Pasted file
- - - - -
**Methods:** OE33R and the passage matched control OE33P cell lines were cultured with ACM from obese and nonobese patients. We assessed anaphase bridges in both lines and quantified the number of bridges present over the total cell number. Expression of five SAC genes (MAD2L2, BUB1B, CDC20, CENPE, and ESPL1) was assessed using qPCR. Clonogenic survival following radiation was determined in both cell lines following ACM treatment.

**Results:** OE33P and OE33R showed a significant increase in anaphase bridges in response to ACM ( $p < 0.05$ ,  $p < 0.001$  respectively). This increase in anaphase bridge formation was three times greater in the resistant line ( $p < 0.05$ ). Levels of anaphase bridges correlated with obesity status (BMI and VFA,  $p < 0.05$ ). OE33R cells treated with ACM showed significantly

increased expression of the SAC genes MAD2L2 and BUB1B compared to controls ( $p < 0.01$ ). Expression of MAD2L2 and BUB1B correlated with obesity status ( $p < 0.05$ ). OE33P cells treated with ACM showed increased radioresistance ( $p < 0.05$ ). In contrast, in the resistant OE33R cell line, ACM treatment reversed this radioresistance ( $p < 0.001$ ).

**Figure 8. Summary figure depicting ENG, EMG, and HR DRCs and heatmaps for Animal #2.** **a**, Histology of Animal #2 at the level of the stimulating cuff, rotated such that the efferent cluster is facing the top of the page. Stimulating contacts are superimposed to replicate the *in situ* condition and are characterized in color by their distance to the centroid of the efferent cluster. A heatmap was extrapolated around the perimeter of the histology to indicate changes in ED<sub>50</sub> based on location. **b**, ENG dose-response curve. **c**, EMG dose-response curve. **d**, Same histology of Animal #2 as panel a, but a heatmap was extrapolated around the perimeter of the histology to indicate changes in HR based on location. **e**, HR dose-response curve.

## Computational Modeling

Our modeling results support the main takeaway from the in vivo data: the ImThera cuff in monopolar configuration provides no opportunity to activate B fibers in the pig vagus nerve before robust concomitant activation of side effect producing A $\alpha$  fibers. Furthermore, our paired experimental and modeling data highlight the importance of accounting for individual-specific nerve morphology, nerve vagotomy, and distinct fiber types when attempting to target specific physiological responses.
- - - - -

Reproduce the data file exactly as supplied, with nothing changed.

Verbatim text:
**Methods:** OE33R and the passage matched control OE33P cell lines were cultured with ACM from obese and nonobese patients. We assessed anaphase bridges in both lines and quantified the number of bridges present over the total cell number. Expression of five SAC genes (MAD2L2, BUB1B, CDC20, CENPE, and ESPL1) was assessed using qPCR. Clonogenic survival following radiation was determined in both cell lines following ACM treatment.

**Results:** OE33P and OE33R showed a significant increase in anaphase bridges in response to ACM ( $p < 0.05$ ,  $p < 0.001$  respectively). This increase in anaphase bridge formation was three times greater in the resistant line ( $p < 0.05$ ). Levels of anaphase bridges correlated with obesity status (BMI and VFA,  $p < 0.05$ ). OE33R cells treated with ACM showed significantly

increased expression of the SAC genes MAD2L2 and BUB1B compared to controls ( $p < 0.01$ ). Expression of MAD2L2 and BUB1B correlated with obesity status ( $p < 0.05$ ). OE33P cells treated with ACM showed increased radioresistance ( $p < 0.05$ ). In contrast, in the resistant OE33R cell line, ACM treatment reversed this radioresistance ( $p < 0.001$ ).

**Figure 8. Summary figure depicting ENG, EMG, and HR DRCs and heatmaps for Animal #2.** **a**, Histology of Animal #2 at the level of the stimulating cuff, rotated such that the efferent cluster is facing the top of the page. Stimulating contacts are superimposed to replicate the *in situ* condition and are characterized in color by their distance to the centroid of the efferent cluster. A heatmap was extrapolated around the perimeter of the histology to indicate changes in ED<sub>50</sub> based on location. **b**, ENG dose-response curve. **c**, EMG dose-response curve. **d**, Same histology of Animal #2 as panel a, but a heatmap was extrapolated around the perimeter of the histology to indicate changes in HR based on location. **e**, HR dose-response curve.

## Computational Modeling

Our modeling results support the main takeaway from the in vivo data: the ImThera cuff in monopolar configuration provides no opportunity to activate B fibers in the pig vagus nerve before robust concomitant activation of side effect producing A $\alpha$  fibers. Furthermore, our paired experimental and modeling data highlight the importance of accounting for individual-specific nerve morphology, nerve vagotomy, and distinct fiber types when attempting to target specific physiological responses.